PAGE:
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When a house is sold as leasehold, the buyer is effectively a tenant with a very long term rental.
The home and the ground the home is built on remains in the hands of the freeholder. The leaseholder has to pay an annual “ground rent” to the freeholder. They are also required to ask the freeholder for consent if they want to make any changes to the property, such as building a
conservatory or changing the windows.
In the past, leasehold property owners were generally charged just a “peppercorn” ground rent, sometimes as little as £1 a year.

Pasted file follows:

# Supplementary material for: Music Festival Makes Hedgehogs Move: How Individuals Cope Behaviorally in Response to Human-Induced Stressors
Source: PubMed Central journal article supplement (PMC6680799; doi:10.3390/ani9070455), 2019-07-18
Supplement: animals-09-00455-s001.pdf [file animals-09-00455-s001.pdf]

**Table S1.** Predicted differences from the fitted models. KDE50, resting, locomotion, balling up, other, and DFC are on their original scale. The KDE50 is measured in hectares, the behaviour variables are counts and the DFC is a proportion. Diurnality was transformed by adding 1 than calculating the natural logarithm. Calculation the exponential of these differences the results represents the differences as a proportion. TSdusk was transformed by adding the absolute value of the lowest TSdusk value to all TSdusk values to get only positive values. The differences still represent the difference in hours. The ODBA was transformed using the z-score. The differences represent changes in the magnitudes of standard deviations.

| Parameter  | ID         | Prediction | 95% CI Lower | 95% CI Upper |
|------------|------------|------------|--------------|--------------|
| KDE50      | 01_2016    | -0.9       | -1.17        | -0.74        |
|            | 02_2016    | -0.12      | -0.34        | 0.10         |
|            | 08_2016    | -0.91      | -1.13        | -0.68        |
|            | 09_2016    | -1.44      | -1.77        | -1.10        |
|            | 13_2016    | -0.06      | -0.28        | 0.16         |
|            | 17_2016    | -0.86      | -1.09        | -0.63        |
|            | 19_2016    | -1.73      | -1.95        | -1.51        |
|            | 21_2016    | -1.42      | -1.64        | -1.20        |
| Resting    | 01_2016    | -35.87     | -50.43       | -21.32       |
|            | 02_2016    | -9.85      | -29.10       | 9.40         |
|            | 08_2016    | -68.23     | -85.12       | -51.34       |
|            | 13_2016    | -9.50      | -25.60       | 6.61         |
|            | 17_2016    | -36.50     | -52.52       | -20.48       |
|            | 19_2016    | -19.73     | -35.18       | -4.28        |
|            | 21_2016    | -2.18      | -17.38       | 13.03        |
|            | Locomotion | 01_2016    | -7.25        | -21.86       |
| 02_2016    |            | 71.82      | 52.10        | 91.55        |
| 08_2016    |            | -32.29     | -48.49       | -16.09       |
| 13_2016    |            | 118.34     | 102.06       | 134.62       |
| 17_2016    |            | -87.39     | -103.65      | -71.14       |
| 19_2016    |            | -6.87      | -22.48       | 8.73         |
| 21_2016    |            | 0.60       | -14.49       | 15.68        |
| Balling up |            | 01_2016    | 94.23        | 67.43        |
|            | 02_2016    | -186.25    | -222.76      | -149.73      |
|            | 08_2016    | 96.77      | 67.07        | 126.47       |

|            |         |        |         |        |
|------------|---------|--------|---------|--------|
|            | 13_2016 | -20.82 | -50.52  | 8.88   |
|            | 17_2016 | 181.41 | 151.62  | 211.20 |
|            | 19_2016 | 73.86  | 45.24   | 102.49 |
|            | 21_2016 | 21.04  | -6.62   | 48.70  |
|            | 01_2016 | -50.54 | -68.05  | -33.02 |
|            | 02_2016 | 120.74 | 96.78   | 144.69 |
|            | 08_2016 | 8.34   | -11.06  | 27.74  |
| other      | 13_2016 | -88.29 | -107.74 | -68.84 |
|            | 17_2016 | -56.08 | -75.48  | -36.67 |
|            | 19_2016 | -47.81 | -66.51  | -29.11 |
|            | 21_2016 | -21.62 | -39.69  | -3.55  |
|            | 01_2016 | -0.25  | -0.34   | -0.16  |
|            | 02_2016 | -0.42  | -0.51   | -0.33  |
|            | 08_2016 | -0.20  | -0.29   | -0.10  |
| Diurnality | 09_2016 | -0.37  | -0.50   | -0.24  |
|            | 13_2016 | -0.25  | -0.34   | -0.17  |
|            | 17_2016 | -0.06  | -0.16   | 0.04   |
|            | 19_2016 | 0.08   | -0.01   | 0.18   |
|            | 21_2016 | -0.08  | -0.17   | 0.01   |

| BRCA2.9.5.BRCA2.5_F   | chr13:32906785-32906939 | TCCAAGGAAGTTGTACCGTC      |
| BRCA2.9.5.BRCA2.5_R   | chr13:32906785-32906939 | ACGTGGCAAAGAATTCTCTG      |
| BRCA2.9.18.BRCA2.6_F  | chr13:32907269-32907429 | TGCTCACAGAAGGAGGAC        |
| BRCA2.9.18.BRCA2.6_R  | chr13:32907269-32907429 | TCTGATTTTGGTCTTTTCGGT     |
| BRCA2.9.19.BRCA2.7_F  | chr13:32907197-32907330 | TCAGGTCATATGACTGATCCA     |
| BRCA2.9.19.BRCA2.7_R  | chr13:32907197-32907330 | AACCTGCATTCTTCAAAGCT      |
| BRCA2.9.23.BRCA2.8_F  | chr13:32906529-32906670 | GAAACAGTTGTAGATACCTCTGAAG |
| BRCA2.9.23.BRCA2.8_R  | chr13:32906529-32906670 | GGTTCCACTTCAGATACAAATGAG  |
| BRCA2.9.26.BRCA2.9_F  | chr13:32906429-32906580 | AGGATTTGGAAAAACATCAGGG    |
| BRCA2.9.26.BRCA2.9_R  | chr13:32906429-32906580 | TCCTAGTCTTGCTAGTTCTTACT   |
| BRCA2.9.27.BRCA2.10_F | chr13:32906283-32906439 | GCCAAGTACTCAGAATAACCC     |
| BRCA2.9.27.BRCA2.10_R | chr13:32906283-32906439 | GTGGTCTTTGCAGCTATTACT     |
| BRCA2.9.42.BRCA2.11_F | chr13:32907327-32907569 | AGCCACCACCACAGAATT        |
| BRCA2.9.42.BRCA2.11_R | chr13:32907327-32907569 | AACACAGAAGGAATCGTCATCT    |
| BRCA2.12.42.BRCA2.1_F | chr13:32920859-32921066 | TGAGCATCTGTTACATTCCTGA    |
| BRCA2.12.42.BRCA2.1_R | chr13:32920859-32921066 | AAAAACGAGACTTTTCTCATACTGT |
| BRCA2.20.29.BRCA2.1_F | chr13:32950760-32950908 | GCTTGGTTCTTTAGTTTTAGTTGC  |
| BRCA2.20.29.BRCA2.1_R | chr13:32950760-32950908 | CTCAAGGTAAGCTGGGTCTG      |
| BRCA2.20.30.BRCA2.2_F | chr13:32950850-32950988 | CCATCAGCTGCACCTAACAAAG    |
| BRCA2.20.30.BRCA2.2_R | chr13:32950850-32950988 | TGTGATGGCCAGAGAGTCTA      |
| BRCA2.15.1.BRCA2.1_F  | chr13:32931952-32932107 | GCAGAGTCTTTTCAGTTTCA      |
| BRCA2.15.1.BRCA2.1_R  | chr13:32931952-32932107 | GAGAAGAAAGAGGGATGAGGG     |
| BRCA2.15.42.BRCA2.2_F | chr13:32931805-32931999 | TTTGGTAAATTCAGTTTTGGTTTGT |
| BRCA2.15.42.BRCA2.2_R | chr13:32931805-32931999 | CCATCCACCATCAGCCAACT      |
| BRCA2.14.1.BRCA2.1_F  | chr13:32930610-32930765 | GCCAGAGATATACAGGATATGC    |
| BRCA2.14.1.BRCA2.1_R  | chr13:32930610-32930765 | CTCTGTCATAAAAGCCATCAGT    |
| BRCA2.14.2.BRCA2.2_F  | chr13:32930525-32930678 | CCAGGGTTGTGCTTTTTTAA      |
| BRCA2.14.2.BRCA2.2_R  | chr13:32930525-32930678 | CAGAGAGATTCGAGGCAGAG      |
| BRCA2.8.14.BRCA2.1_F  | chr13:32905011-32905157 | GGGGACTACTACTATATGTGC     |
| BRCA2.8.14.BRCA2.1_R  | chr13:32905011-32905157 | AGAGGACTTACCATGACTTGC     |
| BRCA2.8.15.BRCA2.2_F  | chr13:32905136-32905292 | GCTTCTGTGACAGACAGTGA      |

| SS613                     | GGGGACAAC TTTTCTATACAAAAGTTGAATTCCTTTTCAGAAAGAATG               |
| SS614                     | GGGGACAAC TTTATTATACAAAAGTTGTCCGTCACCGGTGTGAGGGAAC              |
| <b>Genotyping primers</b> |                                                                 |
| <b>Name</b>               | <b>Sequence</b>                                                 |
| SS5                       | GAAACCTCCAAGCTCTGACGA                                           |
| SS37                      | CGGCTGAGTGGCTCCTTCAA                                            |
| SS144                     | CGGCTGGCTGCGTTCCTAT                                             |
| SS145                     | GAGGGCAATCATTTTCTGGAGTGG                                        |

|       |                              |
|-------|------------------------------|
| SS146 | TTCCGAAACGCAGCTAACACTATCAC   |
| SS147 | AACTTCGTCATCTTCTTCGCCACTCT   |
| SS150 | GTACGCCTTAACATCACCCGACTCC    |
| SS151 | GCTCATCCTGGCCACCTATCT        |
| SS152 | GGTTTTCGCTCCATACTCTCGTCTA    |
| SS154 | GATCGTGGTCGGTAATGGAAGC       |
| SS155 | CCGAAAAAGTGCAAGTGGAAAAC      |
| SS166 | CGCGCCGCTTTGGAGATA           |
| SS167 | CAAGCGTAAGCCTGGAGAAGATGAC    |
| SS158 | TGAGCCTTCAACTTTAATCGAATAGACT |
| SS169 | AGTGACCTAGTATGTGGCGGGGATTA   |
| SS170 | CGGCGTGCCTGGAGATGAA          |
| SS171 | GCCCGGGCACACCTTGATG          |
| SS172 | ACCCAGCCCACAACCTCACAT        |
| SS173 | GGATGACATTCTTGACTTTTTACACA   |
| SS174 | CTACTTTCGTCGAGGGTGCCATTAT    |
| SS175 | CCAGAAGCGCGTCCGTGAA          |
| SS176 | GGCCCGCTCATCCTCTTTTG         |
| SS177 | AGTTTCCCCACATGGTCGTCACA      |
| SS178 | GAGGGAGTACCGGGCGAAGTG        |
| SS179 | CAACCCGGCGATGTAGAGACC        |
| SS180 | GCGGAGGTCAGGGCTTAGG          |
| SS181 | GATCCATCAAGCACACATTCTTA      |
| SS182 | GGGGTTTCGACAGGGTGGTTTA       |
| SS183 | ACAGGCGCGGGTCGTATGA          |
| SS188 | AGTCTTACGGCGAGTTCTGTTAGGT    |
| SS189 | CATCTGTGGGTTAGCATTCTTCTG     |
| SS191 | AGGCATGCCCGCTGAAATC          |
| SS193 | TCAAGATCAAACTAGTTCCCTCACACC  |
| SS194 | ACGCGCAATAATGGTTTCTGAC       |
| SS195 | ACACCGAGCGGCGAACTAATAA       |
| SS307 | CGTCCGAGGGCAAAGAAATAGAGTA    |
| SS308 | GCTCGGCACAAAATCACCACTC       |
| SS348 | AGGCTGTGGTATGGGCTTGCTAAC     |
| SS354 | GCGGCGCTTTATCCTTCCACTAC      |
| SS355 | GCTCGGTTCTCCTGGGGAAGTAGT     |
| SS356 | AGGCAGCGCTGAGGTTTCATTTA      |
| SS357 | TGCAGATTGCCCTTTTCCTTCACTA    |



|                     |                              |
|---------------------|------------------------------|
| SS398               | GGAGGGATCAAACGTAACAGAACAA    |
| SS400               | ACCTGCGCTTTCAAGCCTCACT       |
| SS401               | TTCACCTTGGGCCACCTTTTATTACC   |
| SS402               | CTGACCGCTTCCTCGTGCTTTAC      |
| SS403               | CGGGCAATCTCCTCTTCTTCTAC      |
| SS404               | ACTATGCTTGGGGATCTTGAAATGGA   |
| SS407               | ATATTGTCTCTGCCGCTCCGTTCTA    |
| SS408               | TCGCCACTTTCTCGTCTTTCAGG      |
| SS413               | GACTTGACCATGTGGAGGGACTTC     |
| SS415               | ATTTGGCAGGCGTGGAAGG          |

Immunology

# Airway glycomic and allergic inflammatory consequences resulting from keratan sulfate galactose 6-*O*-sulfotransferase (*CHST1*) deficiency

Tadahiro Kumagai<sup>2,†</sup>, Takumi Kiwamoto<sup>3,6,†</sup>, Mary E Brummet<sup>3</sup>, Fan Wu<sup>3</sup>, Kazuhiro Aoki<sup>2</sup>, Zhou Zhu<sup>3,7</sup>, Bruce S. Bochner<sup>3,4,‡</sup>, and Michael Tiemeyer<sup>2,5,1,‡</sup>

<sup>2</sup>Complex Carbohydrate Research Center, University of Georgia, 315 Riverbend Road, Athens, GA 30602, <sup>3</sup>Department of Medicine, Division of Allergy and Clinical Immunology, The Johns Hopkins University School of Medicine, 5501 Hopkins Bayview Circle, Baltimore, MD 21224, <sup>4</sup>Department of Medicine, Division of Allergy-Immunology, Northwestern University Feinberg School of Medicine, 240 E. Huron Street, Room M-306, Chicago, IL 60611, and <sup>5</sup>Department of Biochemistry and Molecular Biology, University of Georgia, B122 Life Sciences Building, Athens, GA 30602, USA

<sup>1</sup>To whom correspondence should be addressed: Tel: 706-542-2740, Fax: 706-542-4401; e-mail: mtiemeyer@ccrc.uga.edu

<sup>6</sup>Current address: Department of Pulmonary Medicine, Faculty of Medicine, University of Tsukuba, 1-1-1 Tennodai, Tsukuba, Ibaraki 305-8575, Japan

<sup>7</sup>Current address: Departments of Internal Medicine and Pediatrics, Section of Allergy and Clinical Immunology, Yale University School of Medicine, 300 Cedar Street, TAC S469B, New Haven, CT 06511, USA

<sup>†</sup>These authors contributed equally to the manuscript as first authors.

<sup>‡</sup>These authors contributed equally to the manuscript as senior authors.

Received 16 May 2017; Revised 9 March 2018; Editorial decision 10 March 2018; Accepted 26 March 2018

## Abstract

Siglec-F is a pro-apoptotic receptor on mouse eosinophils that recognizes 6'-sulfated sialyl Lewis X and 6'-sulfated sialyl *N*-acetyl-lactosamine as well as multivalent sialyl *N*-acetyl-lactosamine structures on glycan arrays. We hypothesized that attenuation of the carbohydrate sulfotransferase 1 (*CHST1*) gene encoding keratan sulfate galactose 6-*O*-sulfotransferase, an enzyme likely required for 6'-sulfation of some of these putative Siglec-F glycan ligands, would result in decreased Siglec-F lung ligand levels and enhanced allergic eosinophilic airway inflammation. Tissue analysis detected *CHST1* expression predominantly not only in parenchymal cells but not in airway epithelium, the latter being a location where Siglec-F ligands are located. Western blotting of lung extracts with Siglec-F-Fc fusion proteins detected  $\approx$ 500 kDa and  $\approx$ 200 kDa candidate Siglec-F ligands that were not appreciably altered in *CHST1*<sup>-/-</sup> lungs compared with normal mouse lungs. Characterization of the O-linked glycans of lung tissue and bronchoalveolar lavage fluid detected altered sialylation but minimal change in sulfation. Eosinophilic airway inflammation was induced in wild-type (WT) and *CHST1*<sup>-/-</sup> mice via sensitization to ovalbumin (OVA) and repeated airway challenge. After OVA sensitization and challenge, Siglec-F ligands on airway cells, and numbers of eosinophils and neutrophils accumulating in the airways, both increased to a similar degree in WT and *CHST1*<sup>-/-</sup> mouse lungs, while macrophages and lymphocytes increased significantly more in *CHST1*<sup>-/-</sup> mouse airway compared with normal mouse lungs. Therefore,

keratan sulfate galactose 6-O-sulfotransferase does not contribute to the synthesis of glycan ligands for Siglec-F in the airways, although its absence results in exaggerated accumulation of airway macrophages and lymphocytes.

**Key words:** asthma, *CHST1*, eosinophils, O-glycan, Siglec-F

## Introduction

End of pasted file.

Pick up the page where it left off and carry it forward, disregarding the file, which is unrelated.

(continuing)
Developers then began inserting clauses into leasehold contracts where the ground rent was set at £200-£400 a year, some that double every 10 years. First-time buyers were frequently told that leases were “virtually freehold”, but these clauses meant that the ground rent would soon increase to ridiculous levels.